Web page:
Prayer is Communication with God (Part 1)

Developing a more effective prayer life

Not all that long ago there were no cell phones, no fax machines, no computers and no internet. Today we have instant communication in many different forms. The major communication tool of today is the cell phone. We can email someone, text message them or pull them up on Skype or Facebook messenger and talk to them face-to-face.  Then  there is Snapchat, WhatsApp or any number of other apps that are available to communicate with one another. We also have personal computers, laptops and tablets that can be used for all forms of communication. It is amazing that we have so many options available to us to keep in touch with other people. And yet it seems like we’re farther apart from people than we ever have been . 

Face-to-face communication is happening less and less.  I have seen teens sit across the room and text each other rather than just sit next to each other and talk.  Fortunately, we cannot text God! Our line of communication with God is called prayer and it must be done vocally or thoughtfully. In other words, we can speak it at any volume, or we can just think it and direct that thought toward Him.  I believe the spoken communication with God is the best form as there is power in our spoken words, just as there is power in the spoken words of God.   After all, He did speak all creation into existence.

There are 6 parts to effective communication on any level.  If we leave out even one part, we are not fully implementing our ability to communicate.  Since prayer is usually considered a type of request we can list these major parts as asking, being heard, being understood, expecting a response, listening for a response and accepting the response.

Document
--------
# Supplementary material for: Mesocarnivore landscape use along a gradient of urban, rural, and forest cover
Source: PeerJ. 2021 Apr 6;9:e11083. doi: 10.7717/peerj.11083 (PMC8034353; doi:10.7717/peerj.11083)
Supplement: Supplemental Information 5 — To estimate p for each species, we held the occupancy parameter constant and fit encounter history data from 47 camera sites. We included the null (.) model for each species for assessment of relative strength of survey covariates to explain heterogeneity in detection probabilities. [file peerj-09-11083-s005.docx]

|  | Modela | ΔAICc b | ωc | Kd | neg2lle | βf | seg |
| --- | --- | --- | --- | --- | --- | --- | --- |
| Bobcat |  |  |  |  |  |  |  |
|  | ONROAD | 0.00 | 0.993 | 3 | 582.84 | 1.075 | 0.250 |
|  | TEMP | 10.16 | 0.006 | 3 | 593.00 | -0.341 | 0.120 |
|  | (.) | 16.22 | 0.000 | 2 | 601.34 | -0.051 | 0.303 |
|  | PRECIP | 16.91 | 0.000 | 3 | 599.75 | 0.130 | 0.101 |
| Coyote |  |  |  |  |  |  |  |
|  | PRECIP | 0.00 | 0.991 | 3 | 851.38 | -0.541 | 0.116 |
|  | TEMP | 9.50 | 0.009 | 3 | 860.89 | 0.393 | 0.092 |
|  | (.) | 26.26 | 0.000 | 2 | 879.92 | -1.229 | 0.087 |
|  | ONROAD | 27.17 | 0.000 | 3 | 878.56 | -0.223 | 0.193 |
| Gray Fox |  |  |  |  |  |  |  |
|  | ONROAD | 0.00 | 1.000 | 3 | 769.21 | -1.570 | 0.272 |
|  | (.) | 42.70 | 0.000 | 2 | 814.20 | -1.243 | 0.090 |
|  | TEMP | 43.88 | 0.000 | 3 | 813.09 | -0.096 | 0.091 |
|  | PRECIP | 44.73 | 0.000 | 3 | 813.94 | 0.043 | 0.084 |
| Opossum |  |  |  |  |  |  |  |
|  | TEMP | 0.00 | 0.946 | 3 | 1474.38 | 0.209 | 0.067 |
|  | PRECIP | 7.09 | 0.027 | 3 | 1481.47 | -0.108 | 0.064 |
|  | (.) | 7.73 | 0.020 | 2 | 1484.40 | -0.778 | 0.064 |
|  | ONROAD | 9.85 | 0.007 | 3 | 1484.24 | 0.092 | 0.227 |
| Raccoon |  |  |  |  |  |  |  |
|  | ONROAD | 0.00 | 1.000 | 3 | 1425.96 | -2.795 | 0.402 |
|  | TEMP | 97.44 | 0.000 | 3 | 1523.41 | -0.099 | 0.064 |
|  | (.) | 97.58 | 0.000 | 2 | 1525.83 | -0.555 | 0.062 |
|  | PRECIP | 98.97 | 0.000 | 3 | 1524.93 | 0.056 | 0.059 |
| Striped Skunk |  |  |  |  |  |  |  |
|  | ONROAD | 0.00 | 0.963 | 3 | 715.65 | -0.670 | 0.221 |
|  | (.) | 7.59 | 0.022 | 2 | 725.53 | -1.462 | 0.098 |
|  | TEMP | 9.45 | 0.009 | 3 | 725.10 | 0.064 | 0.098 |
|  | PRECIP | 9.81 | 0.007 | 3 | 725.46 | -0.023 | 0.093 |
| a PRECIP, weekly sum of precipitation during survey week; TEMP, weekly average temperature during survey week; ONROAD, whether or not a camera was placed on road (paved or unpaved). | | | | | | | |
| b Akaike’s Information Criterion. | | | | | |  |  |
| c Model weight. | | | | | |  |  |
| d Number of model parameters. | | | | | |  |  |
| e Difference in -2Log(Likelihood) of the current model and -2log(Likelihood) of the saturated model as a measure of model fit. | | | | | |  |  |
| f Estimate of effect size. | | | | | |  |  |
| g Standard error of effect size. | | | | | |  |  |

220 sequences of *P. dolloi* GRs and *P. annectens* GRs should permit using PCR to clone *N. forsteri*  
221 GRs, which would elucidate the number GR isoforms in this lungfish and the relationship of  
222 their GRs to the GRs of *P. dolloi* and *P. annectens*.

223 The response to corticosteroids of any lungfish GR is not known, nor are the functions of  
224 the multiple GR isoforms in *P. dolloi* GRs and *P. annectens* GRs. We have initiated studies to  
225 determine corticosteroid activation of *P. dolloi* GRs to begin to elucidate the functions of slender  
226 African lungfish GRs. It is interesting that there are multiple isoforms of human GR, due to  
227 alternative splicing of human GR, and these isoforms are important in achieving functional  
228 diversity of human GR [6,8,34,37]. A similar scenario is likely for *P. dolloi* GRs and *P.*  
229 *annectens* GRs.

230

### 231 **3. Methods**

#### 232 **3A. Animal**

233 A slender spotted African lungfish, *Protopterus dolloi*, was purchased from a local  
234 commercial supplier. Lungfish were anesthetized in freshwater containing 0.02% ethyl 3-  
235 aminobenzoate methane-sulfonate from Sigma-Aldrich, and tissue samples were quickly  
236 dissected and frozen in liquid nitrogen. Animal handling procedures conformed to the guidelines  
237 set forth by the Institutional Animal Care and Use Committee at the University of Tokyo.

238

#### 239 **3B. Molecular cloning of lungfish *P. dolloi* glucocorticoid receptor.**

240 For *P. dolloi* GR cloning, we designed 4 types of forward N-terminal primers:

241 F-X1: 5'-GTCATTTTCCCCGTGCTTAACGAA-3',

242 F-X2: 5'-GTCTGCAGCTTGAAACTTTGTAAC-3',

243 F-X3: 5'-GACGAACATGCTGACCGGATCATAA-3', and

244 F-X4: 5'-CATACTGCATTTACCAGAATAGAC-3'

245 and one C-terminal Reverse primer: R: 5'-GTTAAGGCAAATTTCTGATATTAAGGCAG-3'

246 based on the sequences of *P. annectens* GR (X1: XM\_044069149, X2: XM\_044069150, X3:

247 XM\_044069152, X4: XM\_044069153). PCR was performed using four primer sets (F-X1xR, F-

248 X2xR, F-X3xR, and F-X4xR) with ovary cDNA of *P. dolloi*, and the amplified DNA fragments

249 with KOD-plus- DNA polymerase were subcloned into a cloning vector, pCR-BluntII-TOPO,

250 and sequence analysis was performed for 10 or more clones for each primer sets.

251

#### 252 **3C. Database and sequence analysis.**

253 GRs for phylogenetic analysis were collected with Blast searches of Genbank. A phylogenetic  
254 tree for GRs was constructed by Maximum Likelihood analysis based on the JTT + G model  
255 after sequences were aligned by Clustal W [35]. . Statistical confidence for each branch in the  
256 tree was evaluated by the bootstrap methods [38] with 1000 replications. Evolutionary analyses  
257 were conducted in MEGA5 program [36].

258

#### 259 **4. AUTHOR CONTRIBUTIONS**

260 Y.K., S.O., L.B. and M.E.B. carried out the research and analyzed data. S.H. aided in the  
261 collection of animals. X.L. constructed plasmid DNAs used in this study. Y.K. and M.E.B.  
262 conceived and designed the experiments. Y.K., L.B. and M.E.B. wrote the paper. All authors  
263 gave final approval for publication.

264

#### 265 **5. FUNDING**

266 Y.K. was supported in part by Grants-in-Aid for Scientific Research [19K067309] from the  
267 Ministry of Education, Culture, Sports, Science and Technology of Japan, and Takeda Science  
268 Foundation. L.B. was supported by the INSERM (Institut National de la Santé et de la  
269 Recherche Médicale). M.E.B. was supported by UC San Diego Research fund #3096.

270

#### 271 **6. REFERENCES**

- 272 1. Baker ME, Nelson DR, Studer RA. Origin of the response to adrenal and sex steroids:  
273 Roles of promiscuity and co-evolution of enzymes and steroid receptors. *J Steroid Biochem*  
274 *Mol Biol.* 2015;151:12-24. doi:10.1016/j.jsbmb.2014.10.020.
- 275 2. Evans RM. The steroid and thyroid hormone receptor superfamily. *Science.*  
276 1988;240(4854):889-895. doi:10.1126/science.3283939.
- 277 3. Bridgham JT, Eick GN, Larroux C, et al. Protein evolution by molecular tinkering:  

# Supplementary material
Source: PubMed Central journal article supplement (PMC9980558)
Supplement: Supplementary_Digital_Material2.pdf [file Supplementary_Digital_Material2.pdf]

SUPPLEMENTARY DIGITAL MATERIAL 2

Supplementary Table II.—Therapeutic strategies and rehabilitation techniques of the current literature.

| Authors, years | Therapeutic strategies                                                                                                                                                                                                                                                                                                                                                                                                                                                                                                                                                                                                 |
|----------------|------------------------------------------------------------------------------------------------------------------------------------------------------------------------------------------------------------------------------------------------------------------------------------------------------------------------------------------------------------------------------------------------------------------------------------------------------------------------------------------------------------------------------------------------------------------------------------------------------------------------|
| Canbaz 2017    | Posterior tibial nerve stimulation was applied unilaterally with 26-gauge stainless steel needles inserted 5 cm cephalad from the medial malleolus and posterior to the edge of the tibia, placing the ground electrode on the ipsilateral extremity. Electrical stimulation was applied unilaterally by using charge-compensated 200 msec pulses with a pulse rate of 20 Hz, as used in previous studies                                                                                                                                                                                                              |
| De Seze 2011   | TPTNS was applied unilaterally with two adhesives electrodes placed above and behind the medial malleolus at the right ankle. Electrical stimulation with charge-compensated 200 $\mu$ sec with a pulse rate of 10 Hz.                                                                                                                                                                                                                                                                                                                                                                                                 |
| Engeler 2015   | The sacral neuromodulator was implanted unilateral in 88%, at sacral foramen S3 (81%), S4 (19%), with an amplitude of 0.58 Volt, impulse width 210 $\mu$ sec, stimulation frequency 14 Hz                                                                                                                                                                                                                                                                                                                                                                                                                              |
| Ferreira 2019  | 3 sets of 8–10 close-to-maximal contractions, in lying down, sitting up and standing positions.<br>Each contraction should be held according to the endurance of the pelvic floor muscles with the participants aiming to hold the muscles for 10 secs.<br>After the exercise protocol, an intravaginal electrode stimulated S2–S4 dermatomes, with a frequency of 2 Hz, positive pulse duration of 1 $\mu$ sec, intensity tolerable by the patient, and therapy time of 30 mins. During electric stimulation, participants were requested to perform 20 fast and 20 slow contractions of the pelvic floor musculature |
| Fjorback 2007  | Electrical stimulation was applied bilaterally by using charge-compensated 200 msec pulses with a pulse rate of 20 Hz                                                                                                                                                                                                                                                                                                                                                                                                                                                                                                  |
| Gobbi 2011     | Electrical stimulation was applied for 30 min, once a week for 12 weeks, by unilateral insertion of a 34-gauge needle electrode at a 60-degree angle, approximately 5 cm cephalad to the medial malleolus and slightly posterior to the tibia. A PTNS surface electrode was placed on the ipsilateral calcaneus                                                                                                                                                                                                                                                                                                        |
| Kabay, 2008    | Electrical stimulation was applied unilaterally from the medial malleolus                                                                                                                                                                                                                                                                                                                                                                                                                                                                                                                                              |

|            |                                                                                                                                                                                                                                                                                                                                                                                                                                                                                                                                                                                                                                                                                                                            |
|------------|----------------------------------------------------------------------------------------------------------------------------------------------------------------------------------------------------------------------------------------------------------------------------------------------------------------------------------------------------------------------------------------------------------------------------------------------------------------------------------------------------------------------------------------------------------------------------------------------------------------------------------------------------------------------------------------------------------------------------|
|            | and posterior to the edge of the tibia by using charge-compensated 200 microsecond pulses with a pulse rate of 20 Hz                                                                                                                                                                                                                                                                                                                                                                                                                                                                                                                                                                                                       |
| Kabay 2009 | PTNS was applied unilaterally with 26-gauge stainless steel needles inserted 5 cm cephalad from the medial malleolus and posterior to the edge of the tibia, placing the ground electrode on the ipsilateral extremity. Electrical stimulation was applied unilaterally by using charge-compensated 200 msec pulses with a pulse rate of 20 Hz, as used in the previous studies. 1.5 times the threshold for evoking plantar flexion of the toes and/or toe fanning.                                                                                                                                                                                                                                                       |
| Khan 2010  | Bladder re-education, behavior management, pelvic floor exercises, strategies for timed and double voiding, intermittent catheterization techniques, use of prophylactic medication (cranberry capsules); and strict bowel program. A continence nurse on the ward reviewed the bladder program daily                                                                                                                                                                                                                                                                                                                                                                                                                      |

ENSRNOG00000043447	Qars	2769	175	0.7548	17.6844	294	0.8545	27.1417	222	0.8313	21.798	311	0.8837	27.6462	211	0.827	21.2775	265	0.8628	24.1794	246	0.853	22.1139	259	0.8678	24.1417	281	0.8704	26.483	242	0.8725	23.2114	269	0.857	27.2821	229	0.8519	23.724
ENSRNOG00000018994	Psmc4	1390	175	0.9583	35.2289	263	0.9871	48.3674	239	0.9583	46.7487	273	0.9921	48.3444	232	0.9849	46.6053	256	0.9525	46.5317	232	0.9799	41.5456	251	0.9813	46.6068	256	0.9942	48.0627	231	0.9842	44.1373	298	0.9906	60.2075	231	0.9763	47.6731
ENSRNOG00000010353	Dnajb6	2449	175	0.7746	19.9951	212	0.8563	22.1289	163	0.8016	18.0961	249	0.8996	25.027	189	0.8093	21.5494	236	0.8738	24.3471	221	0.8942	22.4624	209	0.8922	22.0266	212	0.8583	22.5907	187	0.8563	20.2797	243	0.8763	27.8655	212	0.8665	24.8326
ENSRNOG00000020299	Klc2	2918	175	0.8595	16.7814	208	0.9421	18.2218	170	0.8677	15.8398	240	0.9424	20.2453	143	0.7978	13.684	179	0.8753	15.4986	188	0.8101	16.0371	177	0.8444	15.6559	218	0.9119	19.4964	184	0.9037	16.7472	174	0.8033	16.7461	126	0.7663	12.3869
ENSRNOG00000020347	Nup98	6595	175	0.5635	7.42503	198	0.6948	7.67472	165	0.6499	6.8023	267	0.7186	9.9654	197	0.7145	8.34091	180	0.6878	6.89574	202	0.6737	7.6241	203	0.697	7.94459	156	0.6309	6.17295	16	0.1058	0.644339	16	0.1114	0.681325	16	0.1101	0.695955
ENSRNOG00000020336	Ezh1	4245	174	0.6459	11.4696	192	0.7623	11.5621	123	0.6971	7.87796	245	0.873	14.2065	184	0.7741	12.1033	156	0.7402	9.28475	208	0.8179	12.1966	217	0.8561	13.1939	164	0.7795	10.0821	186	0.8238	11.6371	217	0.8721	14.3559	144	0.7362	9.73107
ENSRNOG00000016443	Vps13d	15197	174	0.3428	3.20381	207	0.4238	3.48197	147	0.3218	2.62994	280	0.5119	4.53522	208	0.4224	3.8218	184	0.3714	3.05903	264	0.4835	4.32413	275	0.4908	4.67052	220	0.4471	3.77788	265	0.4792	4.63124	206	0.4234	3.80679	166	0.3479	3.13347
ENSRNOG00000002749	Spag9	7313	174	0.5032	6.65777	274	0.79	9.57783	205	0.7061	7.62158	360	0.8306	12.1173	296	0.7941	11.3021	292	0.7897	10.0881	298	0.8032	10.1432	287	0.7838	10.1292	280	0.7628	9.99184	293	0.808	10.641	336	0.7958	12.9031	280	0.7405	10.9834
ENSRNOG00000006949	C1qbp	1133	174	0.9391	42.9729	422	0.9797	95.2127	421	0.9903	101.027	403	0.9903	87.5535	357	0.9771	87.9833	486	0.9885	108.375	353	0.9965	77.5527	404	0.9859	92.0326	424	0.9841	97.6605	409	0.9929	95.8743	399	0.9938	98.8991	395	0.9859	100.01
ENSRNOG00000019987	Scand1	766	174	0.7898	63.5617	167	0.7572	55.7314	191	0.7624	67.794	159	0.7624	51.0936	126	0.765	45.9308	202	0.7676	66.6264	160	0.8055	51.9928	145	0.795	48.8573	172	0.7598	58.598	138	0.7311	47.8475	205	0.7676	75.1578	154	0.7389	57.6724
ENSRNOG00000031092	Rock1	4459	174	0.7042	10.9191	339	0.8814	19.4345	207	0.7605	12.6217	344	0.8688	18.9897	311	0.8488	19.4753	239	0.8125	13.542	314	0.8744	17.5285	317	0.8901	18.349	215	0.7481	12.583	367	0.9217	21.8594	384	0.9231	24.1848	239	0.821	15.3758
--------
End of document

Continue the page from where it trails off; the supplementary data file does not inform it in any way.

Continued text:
We must ask.  Jesus said our Father knows what we have need of before we even ask (Matt 6:32).   He still wants us to ask because that lets Him know whether we know what we really need or not.  And we must ask for the right reasons (James 4:3).  I  must admit that my little dog communicates very well without a sound.  He hangs out in the kitchen when I am cooking, hoping that just a little morsel will fall to the ground.  This is his form of asking.  Any crumb that falls, He claims.  We never outright give him anything, so it is all hope on his part.  He just looks patiently and watches.  I know he is asking for a bite.  He has high hopes that he will get just a bit.

This is a great example of how we should ask.  The only difference is that we should be verbal about it, not silent like my dog is.  But we should ask all the time if necessary until we get an answer.  Just because the answer does not come the first time we ask does not mean God will not answer.  My dog knows that well.  He always comes to my feet when I am cooking.  He is always expecting to get something.  He is relentless.  Our prayers should be the same.

For more on our communication with God, pick up my book “The ASK Principle”.  Just click on the Buy Now button on this page.  Your prayer life will never be the same!

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